If you are not delegated underwriting and closing this should not apply to you.

    The requirement for random sampling and post-closing reviews of loans doesn't apply if you aren't underwriting or drawing closing documents yourself. We have found that this is usually the result of a mis-categorization of the originator as a lender. Explaining that this requirement is like asking the broker or correspondent to underwrite and evaluate the lender's credit decision - something the broker/correspondent had NOTHING to do with in the first place - clears this requirement.

    Some wholesalers will not budge, though. This is the golden rule: He who has the gold makes the rules. In this case, evaluate how important the wholesaler is to your business. If it's a critical product or service, you may have to start conducting these reviews in order to maintain the investor. But DO NOT simply capitulate to the requirement and start a post-closing review process without ensuring that the requirement is absolute. Beyond being redundant for loans underwritten by someone else, post-closing reviews are expensive.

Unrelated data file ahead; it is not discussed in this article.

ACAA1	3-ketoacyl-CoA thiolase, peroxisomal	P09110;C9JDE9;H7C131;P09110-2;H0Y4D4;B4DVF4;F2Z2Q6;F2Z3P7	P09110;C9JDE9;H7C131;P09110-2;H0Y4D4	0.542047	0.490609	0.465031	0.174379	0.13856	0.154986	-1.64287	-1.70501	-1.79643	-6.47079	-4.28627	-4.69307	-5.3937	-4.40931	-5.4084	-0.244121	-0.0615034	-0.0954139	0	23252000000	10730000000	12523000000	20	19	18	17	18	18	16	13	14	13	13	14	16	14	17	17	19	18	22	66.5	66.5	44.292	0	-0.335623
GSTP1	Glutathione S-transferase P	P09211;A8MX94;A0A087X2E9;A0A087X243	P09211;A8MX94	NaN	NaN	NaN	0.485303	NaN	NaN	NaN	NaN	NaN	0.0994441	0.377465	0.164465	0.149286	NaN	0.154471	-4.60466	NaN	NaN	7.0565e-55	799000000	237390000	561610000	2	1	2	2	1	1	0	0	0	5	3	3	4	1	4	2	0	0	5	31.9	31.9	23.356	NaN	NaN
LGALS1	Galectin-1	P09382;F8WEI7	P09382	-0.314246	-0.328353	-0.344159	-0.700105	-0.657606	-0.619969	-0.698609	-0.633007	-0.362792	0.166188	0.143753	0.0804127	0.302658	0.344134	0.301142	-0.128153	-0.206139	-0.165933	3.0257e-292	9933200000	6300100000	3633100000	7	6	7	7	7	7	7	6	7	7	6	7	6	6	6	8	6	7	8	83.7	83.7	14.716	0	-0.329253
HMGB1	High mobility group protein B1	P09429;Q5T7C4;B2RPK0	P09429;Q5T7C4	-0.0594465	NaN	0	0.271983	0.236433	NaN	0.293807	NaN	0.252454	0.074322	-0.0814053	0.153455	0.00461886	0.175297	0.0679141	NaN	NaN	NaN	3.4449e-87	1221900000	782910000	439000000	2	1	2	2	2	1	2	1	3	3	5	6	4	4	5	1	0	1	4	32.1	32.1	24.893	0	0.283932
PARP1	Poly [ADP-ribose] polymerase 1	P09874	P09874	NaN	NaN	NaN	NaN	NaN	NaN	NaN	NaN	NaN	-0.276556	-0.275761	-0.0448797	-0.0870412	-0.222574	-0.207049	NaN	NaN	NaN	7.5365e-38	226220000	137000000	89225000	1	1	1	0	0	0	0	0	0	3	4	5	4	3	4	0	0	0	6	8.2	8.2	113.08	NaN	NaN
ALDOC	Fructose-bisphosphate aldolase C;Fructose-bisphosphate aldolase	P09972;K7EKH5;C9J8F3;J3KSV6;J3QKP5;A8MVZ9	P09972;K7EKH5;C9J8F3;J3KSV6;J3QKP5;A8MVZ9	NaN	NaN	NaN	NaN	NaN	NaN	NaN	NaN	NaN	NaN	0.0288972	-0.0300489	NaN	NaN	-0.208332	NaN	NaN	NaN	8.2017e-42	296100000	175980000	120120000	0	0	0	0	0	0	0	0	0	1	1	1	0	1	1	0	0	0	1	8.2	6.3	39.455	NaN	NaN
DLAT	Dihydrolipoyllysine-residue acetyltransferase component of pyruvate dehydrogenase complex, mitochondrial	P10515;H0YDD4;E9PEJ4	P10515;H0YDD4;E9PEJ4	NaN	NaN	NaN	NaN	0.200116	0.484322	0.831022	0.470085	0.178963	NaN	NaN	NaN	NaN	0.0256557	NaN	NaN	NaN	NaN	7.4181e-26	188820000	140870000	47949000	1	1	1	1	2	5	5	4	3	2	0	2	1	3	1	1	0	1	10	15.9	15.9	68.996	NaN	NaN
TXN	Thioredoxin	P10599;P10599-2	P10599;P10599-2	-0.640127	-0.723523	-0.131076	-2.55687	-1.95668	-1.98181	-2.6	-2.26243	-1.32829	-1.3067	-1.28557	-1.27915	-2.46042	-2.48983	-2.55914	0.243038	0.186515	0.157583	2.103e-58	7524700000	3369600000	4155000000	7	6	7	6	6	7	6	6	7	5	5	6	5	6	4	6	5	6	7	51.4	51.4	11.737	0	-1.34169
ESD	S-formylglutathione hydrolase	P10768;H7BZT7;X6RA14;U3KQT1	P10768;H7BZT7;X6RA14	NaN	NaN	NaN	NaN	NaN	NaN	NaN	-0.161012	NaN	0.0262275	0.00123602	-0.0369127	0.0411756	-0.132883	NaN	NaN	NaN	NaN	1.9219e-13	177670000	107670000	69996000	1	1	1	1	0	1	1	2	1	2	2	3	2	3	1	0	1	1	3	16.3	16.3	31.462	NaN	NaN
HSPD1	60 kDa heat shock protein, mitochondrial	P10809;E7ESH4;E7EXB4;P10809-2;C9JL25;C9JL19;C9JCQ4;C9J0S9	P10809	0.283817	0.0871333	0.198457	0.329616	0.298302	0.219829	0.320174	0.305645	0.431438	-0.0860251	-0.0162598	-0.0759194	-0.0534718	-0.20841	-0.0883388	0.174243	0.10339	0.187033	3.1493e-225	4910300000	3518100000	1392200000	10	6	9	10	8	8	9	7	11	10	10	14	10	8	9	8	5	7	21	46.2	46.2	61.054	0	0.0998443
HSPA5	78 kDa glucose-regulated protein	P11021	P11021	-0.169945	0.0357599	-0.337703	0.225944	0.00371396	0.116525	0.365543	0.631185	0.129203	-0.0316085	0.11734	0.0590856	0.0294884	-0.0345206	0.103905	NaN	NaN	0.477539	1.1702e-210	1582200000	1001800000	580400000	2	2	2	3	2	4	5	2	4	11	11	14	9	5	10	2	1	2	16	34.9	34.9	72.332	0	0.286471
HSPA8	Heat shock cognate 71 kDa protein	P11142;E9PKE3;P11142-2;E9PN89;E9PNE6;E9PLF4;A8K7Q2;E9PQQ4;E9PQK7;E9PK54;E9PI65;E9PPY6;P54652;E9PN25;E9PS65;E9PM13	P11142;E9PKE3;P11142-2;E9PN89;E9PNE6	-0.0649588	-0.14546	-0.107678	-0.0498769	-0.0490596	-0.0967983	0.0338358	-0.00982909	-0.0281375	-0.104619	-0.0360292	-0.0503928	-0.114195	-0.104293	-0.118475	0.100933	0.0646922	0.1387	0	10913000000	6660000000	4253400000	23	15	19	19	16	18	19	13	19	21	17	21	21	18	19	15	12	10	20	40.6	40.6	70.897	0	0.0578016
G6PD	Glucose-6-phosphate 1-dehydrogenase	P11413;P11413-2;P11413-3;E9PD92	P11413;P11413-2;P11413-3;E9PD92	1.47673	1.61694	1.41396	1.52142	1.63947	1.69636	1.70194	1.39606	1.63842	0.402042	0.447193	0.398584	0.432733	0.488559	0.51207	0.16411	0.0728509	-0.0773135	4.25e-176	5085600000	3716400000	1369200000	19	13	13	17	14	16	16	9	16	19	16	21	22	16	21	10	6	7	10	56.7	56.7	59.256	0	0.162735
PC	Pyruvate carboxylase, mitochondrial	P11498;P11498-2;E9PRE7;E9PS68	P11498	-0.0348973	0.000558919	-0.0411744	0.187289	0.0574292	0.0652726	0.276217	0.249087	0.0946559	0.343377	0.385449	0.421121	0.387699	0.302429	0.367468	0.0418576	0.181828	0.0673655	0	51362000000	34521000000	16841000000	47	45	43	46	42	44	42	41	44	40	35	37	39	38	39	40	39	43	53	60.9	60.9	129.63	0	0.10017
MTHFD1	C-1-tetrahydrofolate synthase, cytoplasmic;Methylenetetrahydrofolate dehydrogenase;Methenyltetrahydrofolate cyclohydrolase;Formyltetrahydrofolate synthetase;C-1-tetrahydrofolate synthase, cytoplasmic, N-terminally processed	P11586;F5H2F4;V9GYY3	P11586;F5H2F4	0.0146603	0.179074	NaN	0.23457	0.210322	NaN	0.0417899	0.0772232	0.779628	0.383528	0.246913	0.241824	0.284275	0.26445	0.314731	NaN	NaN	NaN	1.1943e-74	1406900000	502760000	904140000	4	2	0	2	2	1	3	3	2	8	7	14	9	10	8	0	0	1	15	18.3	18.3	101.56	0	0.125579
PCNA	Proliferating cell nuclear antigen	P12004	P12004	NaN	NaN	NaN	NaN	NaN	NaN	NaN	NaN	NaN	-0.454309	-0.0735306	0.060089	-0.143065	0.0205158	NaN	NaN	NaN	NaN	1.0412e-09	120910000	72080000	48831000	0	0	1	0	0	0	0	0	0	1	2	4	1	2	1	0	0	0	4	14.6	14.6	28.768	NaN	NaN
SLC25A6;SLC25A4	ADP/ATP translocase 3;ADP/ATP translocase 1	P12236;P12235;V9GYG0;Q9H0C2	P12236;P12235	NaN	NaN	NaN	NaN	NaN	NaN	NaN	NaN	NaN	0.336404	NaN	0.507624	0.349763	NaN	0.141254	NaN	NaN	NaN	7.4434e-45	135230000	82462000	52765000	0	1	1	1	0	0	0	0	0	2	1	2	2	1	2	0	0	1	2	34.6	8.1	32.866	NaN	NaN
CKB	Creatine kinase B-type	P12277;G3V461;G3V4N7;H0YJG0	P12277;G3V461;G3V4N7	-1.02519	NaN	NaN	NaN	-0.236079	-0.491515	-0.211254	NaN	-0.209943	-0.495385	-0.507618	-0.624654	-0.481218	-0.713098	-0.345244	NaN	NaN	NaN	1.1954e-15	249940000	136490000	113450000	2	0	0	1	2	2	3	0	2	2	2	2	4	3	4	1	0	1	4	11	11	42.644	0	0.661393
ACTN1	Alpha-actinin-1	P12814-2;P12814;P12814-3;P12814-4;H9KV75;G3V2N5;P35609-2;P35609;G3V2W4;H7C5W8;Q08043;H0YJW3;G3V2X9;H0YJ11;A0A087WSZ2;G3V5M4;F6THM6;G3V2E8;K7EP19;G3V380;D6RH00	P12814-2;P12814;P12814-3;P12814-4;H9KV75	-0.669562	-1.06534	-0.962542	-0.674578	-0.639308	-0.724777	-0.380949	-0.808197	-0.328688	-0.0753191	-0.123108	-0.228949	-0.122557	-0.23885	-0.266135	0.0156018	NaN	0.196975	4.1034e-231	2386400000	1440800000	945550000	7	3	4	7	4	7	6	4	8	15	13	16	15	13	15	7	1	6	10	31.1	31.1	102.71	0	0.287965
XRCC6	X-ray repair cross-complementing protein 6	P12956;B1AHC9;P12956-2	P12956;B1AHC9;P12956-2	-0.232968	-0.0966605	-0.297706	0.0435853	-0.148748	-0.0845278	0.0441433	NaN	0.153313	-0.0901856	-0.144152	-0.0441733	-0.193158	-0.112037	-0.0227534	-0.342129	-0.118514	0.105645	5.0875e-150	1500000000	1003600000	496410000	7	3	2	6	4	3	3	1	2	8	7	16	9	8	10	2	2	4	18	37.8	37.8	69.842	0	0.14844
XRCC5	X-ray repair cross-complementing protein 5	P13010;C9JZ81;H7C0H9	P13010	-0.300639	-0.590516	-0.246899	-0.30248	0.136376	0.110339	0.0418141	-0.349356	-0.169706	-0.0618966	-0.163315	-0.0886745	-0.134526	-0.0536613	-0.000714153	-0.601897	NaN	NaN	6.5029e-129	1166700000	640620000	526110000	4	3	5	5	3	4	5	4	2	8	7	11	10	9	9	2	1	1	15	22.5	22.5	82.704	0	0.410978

"Do they even review this stuff?.."

    Wholesalers have been reviewing our quality control plans for years. It is important to note that many of these reviewers don't actually read an entire plan, so that if something doesn't jump off the page at them, they may mark your plan as deficient. That doesn't mean it isn't in the plan.  99.9% of the time we draft a rebuttal, we are simply citing the page numbers where the reviewer can locate the information he or she couldn't find (or didn't look for) the first time.

    This also doesn't mean that we don't value the feedback. We always want to know if we have missed something, so we can include it for any of our clients who might get similar feedback. That's one of the ways our products have evolved since 1996.  It's also why we can guarantee our products' acceptability.

    It's a PROCEDURE, not a POLICY